Just as there are rituals that surround the Eucharist, so there ought to be traditions connected to the family meal. The more the better. Plates, glasses, silverware, linens, candles, prayer, manners, conversation, these are the stuff of a family dinner.
Even as the bread and wine are blessed and served from the altar, the family meal deserves an appropriate presentation: on a table, not a couch in front of a television. The table is the crucial connecting object, physically bridging the space between people and directing their attention to each other.
Why is a sit-down dinner more successful than a buffet? The conversation is invariably better, livelier, more intimate, because the guests are physically connected to each other by the table.
So also, the place in which one sits at that table is important. The father sits there; the mother sits there; and you, the child, sit here. When I am a guest in someone’s home, I am always happier when told where to sit. I feel taken care of by the host who has given the matter thought and ordered his table appropriately. Even as the Eucharist locates one’s place in God’s narrative, one’s place at the dinner table indicates a location in the family’s story.
Moreover, when we eat, we should eat slowly, with care, paying attention to what has been cooked. We remember our connection to the land, to animals, to God’s creation.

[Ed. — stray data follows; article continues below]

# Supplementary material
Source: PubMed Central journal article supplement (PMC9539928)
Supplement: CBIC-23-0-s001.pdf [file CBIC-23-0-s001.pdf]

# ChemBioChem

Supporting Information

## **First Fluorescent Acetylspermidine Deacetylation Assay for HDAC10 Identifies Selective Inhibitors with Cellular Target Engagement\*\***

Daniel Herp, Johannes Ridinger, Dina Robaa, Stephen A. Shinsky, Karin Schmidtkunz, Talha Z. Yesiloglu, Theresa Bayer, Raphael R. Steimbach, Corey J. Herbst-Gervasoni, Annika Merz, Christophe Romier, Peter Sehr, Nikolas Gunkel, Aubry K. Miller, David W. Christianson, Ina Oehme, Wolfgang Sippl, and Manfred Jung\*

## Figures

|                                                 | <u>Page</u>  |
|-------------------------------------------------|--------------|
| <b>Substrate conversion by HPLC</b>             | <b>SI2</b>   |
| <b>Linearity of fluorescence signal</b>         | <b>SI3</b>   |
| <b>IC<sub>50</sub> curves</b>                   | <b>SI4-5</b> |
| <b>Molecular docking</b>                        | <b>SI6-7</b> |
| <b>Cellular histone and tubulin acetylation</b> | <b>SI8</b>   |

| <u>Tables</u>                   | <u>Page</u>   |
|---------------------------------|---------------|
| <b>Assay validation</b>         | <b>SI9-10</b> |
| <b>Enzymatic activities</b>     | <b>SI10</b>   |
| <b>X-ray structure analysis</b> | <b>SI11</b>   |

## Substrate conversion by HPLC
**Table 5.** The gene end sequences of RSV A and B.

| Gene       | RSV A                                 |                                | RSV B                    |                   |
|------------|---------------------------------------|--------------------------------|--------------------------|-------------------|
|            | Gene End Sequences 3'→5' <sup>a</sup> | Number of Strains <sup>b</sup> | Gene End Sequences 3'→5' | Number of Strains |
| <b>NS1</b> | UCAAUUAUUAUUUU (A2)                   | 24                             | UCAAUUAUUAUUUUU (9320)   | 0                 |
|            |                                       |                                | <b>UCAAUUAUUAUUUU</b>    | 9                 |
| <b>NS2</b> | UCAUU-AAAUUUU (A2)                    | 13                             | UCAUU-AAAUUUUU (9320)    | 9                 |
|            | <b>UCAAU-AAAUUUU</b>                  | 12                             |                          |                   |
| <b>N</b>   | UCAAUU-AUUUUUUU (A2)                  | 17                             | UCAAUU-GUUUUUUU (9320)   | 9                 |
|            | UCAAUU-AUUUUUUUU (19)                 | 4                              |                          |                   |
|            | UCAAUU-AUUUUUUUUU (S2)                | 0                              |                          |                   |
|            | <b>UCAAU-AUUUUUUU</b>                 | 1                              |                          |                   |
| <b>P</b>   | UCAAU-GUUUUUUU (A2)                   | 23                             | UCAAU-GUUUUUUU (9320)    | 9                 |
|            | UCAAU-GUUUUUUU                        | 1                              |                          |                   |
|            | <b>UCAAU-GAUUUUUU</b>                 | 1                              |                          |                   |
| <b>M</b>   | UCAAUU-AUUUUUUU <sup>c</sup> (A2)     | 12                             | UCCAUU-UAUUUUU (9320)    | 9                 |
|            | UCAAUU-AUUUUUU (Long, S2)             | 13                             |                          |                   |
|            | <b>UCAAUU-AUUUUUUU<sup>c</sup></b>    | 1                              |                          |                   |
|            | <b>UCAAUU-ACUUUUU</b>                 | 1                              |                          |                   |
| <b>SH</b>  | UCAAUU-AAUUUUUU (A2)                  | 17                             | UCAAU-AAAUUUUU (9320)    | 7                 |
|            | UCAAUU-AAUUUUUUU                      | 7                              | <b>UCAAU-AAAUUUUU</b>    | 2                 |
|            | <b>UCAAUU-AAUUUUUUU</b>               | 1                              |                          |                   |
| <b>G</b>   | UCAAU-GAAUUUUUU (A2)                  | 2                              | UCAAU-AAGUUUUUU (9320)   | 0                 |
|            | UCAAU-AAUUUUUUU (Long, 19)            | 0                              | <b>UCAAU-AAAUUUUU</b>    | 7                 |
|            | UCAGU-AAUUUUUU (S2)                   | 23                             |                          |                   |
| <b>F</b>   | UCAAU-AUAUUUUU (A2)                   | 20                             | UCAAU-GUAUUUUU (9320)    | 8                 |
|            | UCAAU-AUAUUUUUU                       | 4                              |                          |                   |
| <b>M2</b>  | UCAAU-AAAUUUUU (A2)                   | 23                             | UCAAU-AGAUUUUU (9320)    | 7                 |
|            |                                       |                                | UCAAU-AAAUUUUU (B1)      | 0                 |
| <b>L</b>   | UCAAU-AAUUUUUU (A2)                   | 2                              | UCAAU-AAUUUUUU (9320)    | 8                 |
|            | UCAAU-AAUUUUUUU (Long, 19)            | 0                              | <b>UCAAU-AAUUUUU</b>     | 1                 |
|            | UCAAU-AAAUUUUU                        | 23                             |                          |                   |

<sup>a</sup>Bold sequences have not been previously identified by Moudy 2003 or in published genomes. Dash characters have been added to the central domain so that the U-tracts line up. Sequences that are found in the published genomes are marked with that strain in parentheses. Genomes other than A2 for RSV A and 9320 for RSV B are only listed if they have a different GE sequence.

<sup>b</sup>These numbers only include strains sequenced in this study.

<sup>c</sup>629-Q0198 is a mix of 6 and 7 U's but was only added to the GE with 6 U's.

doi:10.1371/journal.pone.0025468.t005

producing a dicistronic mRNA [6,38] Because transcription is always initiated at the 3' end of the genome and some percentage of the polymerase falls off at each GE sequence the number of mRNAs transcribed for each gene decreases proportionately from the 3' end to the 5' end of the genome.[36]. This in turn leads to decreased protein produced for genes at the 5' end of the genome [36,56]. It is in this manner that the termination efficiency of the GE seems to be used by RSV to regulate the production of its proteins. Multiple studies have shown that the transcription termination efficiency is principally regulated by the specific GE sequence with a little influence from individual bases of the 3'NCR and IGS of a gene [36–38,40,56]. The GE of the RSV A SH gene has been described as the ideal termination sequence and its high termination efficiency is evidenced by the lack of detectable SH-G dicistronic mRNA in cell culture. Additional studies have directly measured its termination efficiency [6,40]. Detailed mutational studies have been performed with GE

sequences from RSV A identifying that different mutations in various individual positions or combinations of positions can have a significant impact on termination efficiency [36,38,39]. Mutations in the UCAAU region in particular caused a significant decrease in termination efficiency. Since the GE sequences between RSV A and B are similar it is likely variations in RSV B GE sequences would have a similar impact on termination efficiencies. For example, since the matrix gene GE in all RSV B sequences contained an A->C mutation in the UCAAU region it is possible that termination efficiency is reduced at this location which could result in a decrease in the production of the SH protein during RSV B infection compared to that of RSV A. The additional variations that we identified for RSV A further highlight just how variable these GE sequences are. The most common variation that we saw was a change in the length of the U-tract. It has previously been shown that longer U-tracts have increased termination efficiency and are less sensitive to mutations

Kneeling at the altar or sitting down to dinner, we know once again who we are. Our days are given a fundamental coherence that they would not otherwise possess.
Why do our children need a religious life? Why do they need to eat dinner with us? And why are these not two unrelated activities but intimately connected? It is from the traditions of church and family that children learn their identity.
The child who has grown up knowing who he is—a child of God and a child of this family—will not forget it when confronted by the temptations of present-day culture. A secure child will not need to seek outside reassurance from sex, drugs, the Internet, or the mall.
Yet for many of us, religious or not, family dinner is “pie in the sky.” Even if a child is lucky enough to have two parents, the mom is probably working, the dad is flying across the country, and the child has too much homework. No one has time to eat take-out together, much less cook.
That may indeed be the reality with which some of us are currently burdened, but it is a reality we have consciously or unconsciously chosen, and we can decide to choose something else. We must begin by acknowledging the consequences of our choices and stop deluding ourselves that all will be well.
We banish religion from our schools only to discover that religion’s presence in some form or other is the best guarantee of safety for our children. We abandon the nightly family meal only to discover that its absence contributes to a culture of obesity, eating disorders, and kids at risk.
Is it too late? Can we turn the clock back? Why not? We don’t have to serve boudin noir or even treacle pudding. But we do have to decide that dinner together comes first. Before work, before homework. Before soccer practice or the TV or the cell phone.
So light the candles, uncork the wine, pass the bread. Taste. See. Remember.